By Luci Manning
Maria Ortiz, an Afterschool Ambassador and the 21st Century Community Learning Center grant director for Poudre School District, calls on parents, school systems, local and state governments and businesses to help students meet the need for summer learning opportunities across the country in a piece for the Coloradoan. She writes:
“Clearly, we need more summer learning programs, and just as clearly, the problem is funding them. Right now, the federal government provides some funding for summer learning, by way of the 21st Century Community Learning Centers initiative — the principal federal funding stream for after-school programs. But the funding is insufficient to provide summer learning opportunities for all the kids who need them. Until we can find a way to fix that with contributions from parents, school systems, local and state governments, business, and individual donors, too many of our kids will spend more time with video games and remote controls than with all the wondrous opportunities that summer learning programs can offer them.”
In just one week, elementary school children participating in the Ashland Community and Technical College summer learning camp will have created more than 30 electronic devices including burglar alarms, night lights and police sirens. In this week’s camp the young students are learning theories behind various electrical components and are putting their knowledge to the test. Craig McDavid, the program’s instructor, told the Daily Independent the time he spent at this camp as a child motivated him to have a career in science and that he hopes these children are similarly inspired. He said that “this kind of hands-on learning is the best kind of learning. It’s what brings it home.”
Students at York Middle School’s (YMS) Summer Learning Academy are gaining some real world media experience and helping their community’s nonprofits in a big way. The students created commercials to help York Adopt-A-Pet and the Palmer Museum. Matt Maltsberger, YMS social studies and media productions teacher, told the York News-Times that summer learning programs allow students to have educational opportunities outside of the traditional classroom, “I think that getting kids in a different setting—a setting that lets them express themselves—is beneficial. It’s the ideal situation for great opportunities to learn.”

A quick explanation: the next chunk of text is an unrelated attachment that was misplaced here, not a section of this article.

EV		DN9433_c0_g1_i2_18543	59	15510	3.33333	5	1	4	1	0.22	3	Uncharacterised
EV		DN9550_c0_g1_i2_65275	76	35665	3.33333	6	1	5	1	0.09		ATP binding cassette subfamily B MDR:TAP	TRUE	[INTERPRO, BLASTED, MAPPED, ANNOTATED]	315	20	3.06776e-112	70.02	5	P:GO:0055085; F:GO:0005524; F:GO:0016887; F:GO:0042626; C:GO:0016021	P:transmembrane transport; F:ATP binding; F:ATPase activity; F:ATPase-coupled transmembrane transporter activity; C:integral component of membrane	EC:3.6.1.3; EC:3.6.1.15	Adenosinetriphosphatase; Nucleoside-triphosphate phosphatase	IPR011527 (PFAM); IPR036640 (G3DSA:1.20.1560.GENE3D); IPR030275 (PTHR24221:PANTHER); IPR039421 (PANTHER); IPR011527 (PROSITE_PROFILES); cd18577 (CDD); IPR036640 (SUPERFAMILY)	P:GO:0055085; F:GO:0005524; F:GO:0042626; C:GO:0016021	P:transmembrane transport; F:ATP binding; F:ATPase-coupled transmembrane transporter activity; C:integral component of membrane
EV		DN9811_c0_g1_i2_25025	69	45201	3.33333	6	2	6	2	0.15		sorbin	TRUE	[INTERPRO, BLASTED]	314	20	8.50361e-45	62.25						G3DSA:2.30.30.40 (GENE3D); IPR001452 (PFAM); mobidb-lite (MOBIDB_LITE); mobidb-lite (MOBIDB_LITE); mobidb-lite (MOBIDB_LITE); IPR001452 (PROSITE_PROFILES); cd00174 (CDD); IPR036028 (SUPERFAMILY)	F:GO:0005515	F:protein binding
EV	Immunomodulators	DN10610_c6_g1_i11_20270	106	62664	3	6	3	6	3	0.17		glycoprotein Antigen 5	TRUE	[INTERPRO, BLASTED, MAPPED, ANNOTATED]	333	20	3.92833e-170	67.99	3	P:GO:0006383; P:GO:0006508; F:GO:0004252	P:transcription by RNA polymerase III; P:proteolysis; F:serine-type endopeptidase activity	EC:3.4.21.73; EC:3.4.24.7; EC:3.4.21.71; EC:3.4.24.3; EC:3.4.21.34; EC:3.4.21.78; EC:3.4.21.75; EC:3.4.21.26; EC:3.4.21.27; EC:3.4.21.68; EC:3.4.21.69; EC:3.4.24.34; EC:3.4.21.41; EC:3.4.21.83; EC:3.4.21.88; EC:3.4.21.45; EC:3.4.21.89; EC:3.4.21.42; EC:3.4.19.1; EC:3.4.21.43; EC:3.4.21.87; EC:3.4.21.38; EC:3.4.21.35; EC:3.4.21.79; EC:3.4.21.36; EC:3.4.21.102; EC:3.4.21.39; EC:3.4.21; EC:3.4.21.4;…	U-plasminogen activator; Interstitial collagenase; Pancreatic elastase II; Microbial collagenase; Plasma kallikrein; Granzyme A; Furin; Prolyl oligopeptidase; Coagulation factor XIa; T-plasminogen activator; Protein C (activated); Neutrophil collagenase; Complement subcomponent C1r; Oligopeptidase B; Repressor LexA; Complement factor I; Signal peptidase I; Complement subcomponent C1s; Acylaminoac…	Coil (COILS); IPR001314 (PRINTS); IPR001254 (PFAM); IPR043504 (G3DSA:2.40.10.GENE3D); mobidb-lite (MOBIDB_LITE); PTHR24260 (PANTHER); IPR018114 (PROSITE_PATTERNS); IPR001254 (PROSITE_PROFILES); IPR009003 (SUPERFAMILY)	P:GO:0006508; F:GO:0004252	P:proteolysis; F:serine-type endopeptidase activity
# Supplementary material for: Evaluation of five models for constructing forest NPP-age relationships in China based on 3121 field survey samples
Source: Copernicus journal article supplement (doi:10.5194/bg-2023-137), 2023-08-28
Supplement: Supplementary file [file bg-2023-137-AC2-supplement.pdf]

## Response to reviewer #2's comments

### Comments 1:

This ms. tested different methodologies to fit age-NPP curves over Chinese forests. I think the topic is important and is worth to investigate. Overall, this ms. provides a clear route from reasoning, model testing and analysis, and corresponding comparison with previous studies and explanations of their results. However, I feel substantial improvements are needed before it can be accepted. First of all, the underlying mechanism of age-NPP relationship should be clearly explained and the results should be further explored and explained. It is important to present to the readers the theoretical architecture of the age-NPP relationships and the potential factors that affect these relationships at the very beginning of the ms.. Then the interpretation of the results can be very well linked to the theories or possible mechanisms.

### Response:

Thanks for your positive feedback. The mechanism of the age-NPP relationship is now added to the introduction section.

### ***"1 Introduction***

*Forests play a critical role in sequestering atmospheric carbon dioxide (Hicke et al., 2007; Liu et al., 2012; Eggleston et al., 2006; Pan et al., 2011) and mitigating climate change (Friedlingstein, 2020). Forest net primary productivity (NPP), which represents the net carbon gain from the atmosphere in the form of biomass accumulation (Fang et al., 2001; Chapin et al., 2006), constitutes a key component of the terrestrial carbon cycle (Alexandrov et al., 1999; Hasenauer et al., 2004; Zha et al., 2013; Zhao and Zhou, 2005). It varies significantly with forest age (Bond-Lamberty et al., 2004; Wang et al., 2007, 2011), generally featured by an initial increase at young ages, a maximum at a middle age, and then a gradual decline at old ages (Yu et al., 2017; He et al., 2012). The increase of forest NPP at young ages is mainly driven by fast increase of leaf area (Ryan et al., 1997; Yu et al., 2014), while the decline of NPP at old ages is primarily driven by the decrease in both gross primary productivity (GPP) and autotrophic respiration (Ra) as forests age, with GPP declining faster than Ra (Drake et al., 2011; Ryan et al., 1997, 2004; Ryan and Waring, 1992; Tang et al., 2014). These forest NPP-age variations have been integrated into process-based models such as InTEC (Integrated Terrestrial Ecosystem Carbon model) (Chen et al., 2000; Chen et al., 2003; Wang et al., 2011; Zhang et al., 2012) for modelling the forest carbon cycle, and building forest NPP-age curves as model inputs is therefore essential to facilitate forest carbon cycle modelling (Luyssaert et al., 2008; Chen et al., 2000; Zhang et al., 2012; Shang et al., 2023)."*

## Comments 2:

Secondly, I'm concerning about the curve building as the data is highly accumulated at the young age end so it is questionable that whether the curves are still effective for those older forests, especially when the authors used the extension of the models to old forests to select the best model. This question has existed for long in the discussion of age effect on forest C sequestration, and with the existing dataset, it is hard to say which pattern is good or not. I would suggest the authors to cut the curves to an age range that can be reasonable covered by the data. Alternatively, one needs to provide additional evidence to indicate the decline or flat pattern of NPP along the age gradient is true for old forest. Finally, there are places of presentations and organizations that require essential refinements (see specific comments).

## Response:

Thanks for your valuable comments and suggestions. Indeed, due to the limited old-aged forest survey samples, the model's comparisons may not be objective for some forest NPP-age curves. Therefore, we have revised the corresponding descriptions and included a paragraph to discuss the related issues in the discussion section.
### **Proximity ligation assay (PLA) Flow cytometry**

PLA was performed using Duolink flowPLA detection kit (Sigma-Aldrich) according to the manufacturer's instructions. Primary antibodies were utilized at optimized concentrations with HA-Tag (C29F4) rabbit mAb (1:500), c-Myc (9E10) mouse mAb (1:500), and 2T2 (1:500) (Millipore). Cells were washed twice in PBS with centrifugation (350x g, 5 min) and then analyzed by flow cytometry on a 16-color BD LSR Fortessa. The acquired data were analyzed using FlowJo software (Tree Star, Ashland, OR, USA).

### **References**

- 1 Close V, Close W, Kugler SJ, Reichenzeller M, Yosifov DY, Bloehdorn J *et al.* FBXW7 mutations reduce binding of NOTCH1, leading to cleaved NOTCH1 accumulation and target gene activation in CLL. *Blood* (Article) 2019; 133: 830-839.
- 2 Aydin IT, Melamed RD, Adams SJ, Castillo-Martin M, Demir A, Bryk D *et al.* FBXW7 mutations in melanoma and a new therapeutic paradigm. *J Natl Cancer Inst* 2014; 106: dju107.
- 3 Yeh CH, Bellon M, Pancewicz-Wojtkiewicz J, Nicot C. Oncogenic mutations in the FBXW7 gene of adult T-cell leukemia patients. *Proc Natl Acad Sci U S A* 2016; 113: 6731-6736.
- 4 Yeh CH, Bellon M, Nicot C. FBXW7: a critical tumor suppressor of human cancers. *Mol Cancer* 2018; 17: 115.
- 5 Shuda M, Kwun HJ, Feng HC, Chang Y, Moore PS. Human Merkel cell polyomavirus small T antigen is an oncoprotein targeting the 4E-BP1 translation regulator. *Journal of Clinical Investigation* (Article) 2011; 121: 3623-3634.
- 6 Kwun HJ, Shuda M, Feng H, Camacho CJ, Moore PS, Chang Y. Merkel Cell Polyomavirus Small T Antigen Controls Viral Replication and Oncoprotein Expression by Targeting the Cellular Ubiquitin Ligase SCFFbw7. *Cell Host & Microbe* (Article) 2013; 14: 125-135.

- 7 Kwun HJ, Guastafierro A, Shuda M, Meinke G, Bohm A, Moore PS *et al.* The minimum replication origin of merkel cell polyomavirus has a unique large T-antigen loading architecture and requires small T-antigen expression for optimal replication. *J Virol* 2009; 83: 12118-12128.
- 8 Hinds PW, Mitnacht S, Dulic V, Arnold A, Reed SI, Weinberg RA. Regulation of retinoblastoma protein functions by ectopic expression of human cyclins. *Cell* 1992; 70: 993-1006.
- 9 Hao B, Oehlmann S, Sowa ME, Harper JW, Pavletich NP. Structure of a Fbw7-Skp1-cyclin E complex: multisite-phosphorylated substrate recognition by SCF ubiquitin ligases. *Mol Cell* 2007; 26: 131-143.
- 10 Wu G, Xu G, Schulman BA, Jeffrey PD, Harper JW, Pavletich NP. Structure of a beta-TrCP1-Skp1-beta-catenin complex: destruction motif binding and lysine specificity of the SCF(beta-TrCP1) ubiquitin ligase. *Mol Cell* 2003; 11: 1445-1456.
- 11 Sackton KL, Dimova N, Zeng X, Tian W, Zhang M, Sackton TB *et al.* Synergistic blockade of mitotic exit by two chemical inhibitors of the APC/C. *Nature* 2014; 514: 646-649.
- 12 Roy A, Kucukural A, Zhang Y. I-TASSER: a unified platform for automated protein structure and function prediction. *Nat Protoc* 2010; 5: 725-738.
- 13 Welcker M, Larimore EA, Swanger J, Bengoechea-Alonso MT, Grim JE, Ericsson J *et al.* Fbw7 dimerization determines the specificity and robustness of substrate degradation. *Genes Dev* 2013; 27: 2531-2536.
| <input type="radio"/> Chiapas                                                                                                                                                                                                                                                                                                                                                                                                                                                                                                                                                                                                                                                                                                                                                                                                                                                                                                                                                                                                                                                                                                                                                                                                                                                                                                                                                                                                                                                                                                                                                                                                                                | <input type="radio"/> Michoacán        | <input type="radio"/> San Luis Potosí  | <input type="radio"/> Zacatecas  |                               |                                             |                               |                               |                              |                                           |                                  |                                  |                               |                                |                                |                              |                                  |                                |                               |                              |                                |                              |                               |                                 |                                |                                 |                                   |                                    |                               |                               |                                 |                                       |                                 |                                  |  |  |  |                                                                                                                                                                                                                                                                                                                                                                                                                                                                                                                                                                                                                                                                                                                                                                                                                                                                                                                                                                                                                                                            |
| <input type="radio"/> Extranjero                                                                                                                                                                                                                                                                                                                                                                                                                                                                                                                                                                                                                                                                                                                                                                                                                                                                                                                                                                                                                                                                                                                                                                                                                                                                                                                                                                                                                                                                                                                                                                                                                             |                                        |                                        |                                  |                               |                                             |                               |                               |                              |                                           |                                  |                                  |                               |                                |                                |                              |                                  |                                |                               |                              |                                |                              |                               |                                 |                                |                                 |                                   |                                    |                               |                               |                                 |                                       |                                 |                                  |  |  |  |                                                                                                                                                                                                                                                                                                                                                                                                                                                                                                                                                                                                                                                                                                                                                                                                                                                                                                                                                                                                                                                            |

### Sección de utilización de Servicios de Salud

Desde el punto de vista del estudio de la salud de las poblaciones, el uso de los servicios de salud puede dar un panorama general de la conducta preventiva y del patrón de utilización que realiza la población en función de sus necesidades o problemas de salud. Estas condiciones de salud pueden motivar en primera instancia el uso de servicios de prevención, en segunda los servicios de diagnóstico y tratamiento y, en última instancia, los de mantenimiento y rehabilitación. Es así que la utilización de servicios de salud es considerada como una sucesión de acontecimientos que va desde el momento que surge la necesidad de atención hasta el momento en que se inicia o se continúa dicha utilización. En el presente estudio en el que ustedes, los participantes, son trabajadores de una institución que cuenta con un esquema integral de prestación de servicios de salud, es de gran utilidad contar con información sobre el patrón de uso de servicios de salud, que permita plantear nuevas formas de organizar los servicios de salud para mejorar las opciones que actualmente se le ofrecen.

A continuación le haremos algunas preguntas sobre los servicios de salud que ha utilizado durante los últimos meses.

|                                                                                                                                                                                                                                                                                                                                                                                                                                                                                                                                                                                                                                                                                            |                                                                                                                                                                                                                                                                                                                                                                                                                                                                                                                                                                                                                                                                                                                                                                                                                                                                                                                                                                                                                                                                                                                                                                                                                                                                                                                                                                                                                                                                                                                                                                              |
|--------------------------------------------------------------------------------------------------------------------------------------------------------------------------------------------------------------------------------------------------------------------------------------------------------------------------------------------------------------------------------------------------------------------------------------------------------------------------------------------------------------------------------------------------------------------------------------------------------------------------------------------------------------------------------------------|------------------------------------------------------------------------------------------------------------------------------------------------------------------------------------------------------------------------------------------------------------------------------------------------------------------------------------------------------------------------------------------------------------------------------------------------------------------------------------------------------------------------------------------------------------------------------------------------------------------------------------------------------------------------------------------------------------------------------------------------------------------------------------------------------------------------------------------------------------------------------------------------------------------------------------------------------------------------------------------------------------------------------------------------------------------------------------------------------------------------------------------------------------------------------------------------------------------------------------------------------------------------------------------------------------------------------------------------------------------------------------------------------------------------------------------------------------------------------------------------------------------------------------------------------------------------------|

By Taylor Moore
Techbridge has recently released a free, online interactive toolkit to help potential role models develop skills to engage girls and underrepresented youth in STEM. The Role Models Matter Toolkit currently provides 10 mini-lessons for role models to help plan, structure and implement their visit with students. Each unit comes with a video showing role model Josetta Jones, a patent attorney and chemical engineer, in action demonstrating each step to successfully interacting and communicating the lessons to the student participants. The toolkit provides lessons on key topics like role model impact, ice breakers for relationship development, advice on using the engineering design process and guidance on how to connect the STEM experience to possible career options for the participants. If you have any potential STEM role models looking to engage with youth, their work can benefit from this holistic toolkit approach.
Techbridge is a nonprofit based in Oakland, Calif., that offers science, engineering and technology-based afterschool and summer programs for girls. Since 2000, the organization has engaged with more than 4,000 girls in grades 5-12 in hands-on learning and career exploration. The Role Models Matter Toolkit is part of Techbridge’s Role Models Matter initiative to help prepare STEM professionals for outreach and is based upon work supported by the National Science Foundation.